Skip to main content

By Karen Shirer, Ph.D.

The popular media continues to draw attention to the national mental well-being crisis among children and youth, including those in military families. The CBS television station affiliate in Minnesota, WCCO-4, recently aired a three-part series on the pandemic’s impact on youth mental health. The reporter, Esme Murphy, interviewed the following national experts on youth development regarding the crisis: 

  • Dr. Sarah Jerstad, the medical director of Outpatient Mental Health Services at Children’s Hospital in Minnesota 
  • Professor Jodi Dworkin of the University of Minnesota, a nationally known expert on youth social media use
  • Dr. Sara Polley, the director of the youth continuum at Hazelden Betty Ford

The three-part series provides a snapshot of the effects of the pandemic on children’s and youths’ mental health. This blog post focuses on the key facts from this series on all children and youth; it is not exclusive to military-connected youth. For a deeper dive into military-connected youth, see the OneOp blog post by Dr. Jennifer Rea, The Military Teen Experience 2022: Military Teens Need Well-Being Support.

Youth Mental Well-Being Declined During the Pandemic

Ms. Murphy framed the issue of youth mental well-being with data from the Minnesota Student Survey, conducted in schools every three years. In 2022, 135,000 5th, 6th, and 11th-grade students completed the survey. Researchers found:

  • 29% of students reported poorer mental health lasting over six months, up from 23% in 2019.
  • 43% of all students worried “a lot” over the prior month; 48% sometimes felt sad and often didn’t know why.
  • 45% of girls reported long-term problems with mental health, up from 35% in 2019. The girls’ rate was twice the rate of boys. 

In her interview, Dr. Jerstad stated that counselors continue seeing more children and youth with mental health challenges. Teenagers show higher rates of depression and anxiety than younger children. However, younger children are exhibiting more problematic behaviors like acting out and bullying. These increases started before the pandemic, which also accelerated rates.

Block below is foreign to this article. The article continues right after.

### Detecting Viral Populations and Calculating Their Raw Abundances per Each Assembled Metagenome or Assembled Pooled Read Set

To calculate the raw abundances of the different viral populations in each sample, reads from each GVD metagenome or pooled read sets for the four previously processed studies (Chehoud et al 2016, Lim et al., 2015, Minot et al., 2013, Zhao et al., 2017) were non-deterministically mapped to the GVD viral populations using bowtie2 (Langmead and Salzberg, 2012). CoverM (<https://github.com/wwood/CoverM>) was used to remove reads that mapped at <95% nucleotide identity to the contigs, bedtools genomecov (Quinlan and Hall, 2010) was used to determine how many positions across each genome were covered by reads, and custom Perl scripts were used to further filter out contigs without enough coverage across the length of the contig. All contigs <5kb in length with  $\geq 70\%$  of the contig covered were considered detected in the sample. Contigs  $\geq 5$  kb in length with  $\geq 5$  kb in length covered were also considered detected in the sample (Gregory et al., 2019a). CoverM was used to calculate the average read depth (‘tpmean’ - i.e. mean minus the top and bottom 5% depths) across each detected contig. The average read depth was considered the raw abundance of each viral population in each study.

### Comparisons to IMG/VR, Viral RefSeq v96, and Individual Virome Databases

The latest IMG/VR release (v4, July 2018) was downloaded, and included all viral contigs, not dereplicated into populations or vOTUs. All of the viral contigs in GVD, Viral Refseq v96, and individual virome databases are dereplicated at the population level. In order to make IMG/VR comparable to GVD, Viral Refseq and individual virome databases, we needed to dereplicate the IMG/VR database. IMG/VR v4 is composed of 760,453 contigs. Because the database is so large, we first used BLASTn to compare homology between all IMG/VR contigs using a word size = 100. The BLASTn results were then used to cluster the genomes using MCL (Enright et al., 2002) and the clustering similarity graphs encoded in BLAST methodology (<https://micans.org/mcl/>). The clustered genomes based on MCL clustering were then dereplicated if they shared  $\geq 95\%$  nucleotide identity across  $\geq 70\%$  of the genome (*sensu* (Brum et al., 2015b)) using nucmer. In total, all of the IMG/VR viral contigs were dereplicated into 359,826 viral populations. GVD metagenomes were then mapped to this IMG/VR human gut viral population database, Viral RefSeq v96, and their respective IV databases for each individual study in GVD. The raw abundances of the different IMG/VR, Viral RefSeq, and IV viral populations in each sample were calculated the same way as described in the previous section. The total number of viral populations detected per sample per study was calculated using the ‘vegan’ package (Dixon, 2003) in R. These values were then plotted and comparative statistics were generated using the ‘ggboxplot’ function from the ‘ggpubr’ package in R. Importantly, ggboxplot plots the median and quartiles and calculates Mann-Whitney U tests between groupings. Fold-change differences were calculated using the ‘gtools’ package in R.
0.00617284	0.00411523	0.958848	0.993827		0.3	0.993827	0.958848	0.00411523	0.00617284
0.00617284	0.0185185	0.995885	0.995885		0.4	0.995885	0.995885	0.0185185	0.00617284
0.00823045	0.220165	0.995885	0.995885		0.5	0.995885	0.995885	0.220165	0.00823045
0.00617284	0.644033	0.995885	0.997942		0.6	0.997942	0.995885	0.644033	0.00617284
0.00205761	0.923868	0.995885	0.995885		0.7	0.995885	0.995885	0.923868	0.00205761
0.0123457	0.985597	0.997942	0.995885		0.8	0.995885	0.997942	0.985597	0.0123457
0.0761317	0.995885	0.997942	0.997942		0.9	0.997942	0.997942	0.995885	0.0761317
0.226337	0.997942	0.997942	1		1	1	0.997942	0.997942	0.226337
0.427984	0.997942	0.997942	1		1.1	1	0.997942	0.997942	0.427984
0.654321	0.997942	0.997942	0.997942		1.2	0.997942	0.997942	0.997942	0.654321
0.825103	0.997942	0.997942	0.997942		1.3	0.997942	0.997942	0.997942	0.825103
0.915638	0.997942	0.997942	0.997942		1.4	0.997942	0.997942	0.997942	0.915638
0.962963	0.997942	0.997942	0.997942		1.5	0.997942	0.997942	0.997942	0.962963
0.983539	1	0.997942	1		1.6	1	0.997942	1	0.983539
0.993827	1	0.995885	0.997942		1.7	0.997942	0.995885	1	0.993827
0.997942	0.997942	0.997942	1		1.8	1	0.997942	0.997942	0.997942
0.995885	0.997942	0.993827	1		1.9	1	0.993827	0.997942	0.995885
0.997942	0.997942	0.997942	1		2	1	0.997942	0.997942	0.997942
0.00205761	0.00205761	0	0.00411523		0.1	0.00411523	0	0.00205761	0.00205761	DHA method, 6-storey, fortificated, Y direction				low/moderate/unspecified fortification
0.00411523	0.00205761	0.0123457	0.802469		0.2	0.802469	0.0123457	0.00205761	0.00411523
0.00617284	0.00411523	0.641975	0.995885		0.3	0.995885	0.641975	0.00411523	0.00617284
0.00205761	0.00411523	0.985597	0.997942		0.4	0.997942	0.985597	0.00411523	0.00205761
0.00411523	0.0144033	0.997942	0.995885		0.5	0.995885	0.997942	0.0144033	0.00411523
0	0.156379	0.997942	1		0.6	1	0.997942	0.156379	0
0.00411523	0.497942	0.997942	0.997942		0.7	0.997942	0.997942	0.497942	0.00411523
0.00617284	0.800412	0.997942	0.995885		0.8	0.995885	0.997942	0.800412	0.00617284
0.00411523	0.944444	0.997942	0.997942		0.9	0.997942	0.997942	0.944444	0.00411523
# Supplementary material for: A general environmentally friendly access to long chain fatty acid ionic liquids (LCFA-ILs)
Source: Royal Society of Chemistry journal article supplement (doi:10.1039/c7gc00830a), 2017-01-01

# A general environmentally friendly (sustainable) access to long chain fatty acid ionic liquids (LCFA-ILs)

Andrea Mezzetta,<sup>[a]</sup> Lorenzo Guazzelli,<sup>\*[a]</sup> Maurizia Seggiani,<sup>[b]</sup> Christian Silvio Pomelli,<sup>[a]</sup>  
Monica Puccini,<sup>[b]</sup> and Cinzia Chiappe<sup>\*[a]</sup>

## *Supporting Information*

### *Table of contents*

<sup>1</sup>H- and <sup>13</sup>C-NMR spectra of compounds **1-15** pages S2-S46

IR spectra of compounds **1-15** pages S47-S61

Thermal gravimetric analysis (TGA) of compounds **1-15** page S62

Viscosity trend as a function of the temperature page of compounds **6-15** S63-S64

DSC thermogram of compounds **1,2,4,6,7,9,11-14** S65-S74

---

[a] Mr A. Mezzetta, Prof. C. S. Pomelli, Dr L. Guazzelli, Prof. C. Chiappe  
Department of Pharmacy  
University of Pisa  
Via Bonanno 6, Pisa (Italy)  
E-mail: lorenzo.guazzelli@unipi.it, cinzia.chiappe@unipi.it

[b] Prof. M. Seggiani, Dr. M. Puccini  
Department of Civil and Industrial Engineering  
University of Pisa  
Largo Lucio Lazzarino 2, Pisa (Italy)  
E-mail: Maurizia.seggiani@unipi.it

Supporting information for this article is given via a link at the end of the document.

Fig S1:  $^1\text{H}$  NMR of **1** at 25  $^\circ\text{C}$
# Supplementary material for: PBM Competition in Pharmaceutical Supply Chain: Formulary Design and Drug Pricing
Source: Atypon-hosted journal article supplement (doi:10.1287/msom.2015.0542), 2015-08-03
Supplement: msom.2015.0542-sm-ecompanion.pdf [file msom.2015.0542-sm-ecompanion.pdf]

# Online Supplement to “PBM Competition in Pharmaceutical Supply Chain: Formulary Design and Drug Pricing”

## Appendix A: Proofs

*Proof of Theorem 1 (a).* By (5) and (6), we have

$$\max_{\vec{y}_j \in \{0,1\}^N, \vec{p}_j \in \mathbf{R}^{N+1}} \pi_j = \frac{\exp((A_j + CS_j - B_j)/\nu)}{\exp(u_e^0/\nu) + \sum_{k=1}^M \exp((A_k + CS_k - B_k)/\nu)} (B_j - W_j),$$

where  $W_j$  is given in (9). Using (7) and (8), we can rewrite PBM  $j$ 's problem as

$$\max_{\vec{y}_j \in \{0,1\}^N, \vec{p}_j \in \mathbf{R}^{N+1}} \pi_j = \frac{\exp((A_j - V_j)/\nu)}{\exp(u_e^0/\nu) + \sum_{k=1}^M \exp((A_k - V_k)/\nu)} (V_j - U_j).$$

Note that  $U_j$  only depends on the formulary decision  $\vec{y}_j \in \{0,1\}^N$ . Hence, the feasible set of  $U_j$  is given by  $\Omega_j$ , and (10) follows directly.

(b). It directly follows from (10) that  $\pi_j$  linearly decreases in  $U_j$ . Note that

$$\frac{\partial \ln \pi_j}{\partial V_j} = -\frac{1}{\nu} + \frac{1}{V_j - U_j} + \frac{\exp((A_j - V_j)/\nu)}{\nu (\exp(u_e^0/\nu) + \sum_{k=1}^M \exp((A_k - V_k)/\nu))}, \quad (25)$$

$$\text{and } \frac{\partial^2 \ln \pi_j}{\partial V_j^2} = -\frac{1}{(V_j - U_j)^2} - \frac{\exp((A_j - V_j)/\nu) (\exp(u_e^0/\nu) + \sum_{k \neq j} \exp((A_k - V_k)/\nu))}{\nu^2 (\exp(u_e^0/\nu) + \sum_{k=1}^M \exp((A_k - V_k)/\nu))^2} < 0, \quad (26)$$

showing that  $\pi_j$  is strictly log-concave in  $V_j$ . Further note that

Parents and Families Also Face Challenges

Families nationally continue to experience more stress. Dr. Polley described that many children and youth lost their families’ support because of it. For example, parents had their own mental health challenges, often made worse by economic hardships. Both kids and adults in families need support with their mental well-being. 

Girls and Boys Respond Differently

Girls and boys respond differently to poor mental health. Dr. Jerstad noted that girls show more withdrawal and sadness when depressed. Boys tend to be irritable or angry. Parents, caregivers, and providers often struggle with figuring out if these behaviors are typical for adolescents or something more. Girls, in general, are more willing to seek help for their mental health needs than boys.

The pandemic delayed youths’ and children’s social and emotional development. As a result, Dr. Polley noted that many are having difficulty managing their emotions and anxiety. Some youths turned to substances to cope. Further, a group of these youth was using more than one unhealthy coping mechanism (eg., an eating disorder and alcohol use). 

Adults in Youths’ Lives Provide a First Line of Support

Schools, youth development programs, and primary care form the first line of support for children and youth’s mental well-being. This is especially true with a shortage of mental health care providers across the United States. 

Dr. Jerstad recommended that parents connect with children’s teachers, coaches and school guidance counselors as well as their primary care providers. They can help to identify and support children and youth experiencing mental health challenges.

Youths’ Use of Devices Changed Due to the Pandemic

Cell phones and computers became a critical link to friends and schooling, resulting in increased screen time. Dr. Dworkin said youths’ increased usage had both positives and negatives. On the plus side, youth could connect with friends and continue their academic pursuits. But parents and caregivers continue to struggle with limiting and monitoring their children’s device usage. You can learn more about this topic from Dr. Dworkin’s 2022 OneOp blog post, Teen Technology Use and How COVID has Changed It.

Going Further

I encourage you to view the video interviews on the WCCO website. You’ll also find tips for families and professionals on supporting kids’ mental well-being. 

Plan to participate in our OneOp 4-part webinar series, Military Youth: Protecting and Promoting Resilience and Well-Being! The series will focus on protecting and promoting military-connected youths’ well-being and resilience. 


Dworkin, J. (2022, January 15). Teen technology use and how COVID has changed it. OneOp. 

Minnesota Department of Health. (2023, January 12). Minnesota Student Survey. 

Murphy, E. [Reporter]. (2023, March 1). Talking Points: Pandemic’s toll on youth mental health. WCCO-4 CBS News. 

Rea, J. (2023, April 8). The Military Teen Experience 2022: Military teens need well-being support. OneOp. 

Karen ShirerKaren Shirer, previous Associate Dean of the University of Minnesota Extension Center for Family Development. Karen is also the parent of two adult daughters, a grandmother, a spouse, and a cancer survivor.



Photo source: IStock